Greek historian on Nabateans – 50 BC

“They live under the open sky and claim as fatherland a wilderness that contains neither rivers nor goodly springs from which a hostile army might draw water. They have a law forbidding them to sow grain, plant orchards, make wine or build houses. Anyone who does so will be executed. They follow this principle because they believe that anyone who possesses such things in order to get a use from them is vulnerable to powerful men, who can compel their obedience. Some raise camels, others sheep, which they pasture in the wilderness. Although there are a great many other Arab tribes that use the desert as grazing land, the Nabateans, though numbering only 10,000 men, far exceed them in wealth…, because many regularly transport frankincense, myrrh and the choicest spices to the sea, products that they take over from people who bring them out of so-called happy Arabia. Their country, without water, is impenetrable to enemies, but the Nabateans fill cisterns and caves with rain water, making them flush with the rest of the landscape. They leave markers there which only they understand. They water their herds only every third day to accustom them to a flight throughout a waterless country.”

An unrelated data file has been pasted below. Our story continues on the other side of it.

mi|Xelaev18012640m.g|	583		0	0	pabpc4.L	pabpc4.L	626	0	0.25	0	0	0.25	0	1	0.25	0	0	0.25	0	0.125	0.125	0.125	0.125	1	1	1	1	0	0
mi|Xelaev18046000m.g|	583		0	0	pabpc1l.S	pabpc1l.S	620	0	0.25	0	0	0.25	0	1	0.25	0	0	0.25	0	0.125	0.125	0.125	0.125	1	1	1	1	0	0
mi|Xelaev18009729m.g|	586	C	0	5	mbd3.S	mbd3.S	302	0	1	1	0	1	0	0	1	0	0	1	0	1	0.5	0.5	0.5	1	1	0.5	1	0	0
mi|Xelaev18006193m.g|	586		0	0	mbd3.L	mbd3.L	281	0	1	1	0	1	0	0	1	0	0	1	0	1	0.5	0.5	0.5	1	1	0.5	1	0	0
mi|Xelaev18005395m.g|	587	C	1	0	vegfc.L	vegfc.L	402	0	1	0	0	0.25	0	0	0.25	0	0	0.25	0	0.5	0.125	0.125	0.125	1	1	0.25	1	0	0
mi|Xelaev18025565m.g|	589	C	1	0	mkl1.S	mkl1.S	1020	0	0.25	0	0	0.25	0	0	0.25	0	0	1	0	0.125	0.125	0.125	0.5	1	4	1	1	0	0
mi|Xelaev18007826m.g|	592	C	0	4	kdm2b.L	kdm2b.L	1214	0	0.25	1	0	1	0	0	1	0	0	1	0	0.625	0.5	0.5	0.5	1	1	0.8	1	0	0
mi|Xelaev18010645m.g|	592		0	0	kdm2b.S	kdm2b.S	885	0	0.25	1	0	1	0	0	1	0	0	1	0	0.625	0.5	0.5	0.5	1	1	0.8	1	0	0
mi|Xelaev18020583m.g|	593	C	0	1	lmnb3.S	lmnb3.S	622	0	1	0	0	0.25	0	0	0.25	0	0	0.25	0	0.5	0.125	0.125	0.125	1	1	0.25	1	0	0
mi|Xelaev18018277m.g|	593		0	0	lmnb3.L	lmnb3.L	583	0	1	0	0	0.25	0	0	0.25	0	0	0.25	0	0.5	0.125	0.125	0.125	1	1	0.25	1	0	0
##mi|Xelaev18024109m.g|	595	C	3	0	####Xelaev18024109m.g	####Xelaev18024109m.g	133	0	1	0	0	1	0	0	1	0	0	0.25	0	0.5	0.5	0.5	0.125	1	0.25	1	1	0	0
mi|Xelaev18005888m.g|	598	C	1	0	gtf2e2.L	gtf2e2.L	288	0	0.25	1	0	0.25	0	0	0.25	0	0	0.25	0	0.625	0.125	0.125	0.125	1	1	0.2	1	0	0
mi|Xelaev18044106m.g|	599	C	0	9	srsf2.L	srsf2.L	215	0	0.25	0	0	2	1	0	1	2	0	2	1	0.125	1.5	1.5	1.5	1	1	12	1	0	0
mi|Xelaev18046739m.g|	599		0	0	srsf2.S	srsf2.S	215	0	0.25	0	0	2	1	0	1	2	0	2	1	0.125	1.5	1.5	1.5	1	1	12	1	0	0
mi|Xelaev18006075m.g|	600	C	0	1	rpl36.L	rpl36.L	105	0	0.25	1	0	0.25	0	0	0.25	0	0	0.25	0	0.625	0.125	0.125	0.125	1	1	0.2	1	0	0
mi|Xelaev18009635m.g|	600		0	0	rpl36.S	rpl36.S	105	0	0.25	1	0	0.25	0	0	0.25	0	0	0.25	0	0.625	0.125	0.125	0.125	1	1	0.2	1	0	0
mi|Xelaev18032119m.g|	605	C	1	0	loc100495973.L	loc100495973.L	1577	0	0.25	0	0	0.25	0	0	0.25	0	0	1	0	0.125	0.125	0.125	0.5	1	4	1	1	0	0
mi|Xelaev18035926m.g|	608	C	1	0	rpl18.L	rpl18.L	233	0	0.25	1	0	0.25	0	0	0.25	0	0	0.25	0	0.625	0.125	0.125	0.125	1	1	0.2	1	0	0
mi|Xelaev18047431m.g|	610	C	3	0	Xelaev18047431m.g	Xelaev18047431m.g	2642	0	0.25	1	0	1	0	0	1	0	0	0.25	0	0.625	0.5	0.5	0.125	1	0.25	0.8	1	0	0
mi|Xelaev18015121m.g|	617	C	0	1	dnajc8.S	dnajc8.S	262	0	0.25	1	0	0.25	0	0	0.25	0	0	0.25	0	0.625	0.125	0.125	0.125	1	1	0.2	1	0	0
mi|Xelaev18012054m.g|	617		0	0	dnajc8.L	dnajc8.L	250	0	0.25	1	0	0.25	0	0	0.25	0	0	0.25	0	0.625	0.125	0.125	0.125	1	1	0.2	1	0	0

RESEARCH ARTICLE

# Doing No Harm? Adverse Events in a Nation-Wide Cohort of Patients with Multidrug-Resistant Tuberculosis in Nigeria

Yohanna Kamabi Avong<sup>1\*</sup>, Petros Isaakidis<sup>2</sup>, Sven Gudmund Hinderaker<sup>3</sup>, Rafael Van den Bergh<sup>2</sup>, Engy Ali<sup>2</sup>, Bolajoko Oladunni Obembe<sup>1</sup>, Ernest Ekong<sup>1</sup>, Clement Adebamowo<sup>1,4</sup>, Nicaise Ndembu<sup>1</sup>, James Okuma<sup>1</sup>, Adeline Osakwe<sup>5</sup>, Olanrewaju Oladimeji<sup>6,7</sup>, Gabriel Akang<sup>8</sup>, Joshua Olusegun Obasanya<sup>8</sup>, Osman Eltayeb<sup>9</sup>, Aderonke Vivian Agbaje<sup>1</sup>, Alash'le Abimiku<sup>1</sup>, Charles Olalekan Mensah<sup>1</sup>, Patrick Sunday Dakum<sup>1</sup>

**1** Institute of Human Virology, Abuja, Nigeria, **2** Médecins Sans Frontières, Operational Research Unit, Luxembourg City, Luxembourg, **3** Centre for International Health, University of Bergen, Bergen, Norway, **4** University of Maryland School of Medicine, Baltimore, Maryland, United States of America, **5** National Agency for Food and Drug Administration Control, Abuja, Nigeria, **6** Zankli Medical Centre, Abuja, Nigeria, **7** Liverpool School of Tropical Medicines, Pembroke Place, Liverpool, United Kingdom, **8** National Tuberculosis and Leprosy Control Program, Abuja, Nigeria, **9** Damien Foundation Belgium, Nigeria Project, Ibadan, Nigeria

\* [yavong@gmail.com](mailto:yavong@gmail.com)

– Greek historian Diodorus Siculus, 50 BC

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